Thrush flight behaviour?

Hello, since winter has started to arrive, the blackbirds in my area have started performing a distinctive flight. Instead of their usual direct and fast ‘thrush’ flight, they seem to be circling a few times over an area then landing again on the ground. My guess is that they are scouting for berries but I am really not sure. Has anyone observed this?
Thanks, Ellis  

  • Have you considered that there may be local influences which have affected the localised behaviour you are observing? Perhaps a raptor looking out, which you have yet to observe? Certainly modifies the actions of smaller birds. I have observed multiple blackbirds giving chase to/mobbing a goshawk. The blackbirds (in that instance) were definitely exhibiting direct and fast flight. But perhaps un-prey like.
  • In reply to tuwit:

    That’s also what I thought might be occurring. We do have plenty of sparrowhawks around here and the blackbirds go mental at the sight of one. I’ll have a look next time this happens for any predators
  • Migrant blackbirds tend, on the whole, to be more skittish due to fear of being shot. Likely, they are using caution before settling somewhere.
  • This may be migrant birds arriving to escape harsher weather in other areas and sussing out the food situation before settling in an area

    Pete

    Birding is for everyone no matter how good or bad we are at it,enjoy it while you can

  • Along with the other possible reasons, as well as a raptor, there could be a cat lurking close by giving the blackbirds cause for concern.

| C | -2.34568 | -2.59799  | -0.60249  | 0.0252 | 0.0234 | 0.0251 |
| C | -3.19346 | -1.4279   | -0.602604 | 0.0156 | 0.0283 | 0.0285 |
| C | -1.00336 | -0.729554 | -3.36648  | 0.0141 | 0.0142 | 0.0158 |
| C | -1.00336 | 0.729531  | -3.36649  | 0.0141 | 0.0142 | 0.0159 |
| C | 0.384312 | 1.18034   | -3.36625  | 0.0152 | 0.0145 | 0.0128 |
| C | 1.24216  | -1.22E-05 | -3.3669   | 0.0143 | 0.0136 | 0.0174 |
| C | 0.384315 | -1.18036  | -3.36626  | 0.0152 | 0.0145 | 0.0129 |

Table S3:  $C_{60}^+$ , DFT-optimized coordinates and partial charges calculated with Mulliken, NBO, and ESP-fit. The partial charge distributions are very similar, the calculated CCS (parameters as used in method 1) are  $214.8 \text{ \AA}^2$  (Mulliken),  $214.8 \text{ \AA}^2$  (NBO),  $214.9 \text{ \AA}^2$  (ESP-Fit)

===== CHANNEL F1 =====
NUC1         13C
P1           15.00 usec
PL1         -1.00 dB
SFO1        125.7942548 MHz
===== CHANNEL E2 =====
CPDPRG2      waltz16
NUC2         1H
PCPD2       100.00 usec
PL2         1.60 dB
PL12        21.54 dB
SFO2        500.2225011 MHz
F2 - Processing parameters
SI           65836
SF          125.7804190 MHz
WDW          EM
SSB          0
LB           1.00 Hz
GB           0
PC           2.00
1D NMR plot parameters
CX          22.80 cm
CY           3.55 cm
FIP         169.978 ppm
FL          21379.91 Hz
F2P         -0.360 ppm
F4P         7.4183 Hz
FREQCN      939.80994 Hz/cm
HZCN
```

Mike

    Flickr Peak Rambler

  • We managed to get out to our local reserve yesterday afternoon for the last hour or so of daylight and we noticed that the Thrushe,mainly Redwings, were performing in a similar manner to what Ellis has described. Considering the light was fading and remembering what a friend from a local ringing group told us about Redwings being one of the first birds to go to roost we thought maybe that maybe that could explain their behaviour. Maybe they were making sure the roost area was safe for the night. Not sure if this explains Ellis's problem but I thought it was worth a mention.

    Pete

    Birding is for everyone no matter how good or bad we are at it,enjoy it while you can

  • In reply to Seaman:

    That’s great that you noticed what I was on about. I stood at sunset with my binoculars today and saw a flock of about 50 going to roost
  • In reply to Mike B:

    There are a few cats around my estate, one of them is especially nasty
  • In reply to ellis187:

    ellis187 said:
    one of them is especially nasty

    "Parenting" issues probably. Sad, and increasingly common.

    Very glad you're not alone re the thrush flight behaviour. Very interesting that.

    Dave 

  • In reply to Dave - CH:

    Dave - CH said:

    ellis187 said:
    one of them is especially nasty

    "Parenting" issues probably. Sad, and increasingly common.

    Very glad you're not alone re the thrush flight behaviour. Very interesting that.

    Dave 

    Or even feral.

    I've seen cats that folk have taken in and they just don't want to know human contact.

    Mike

    Flickr Peak Rambler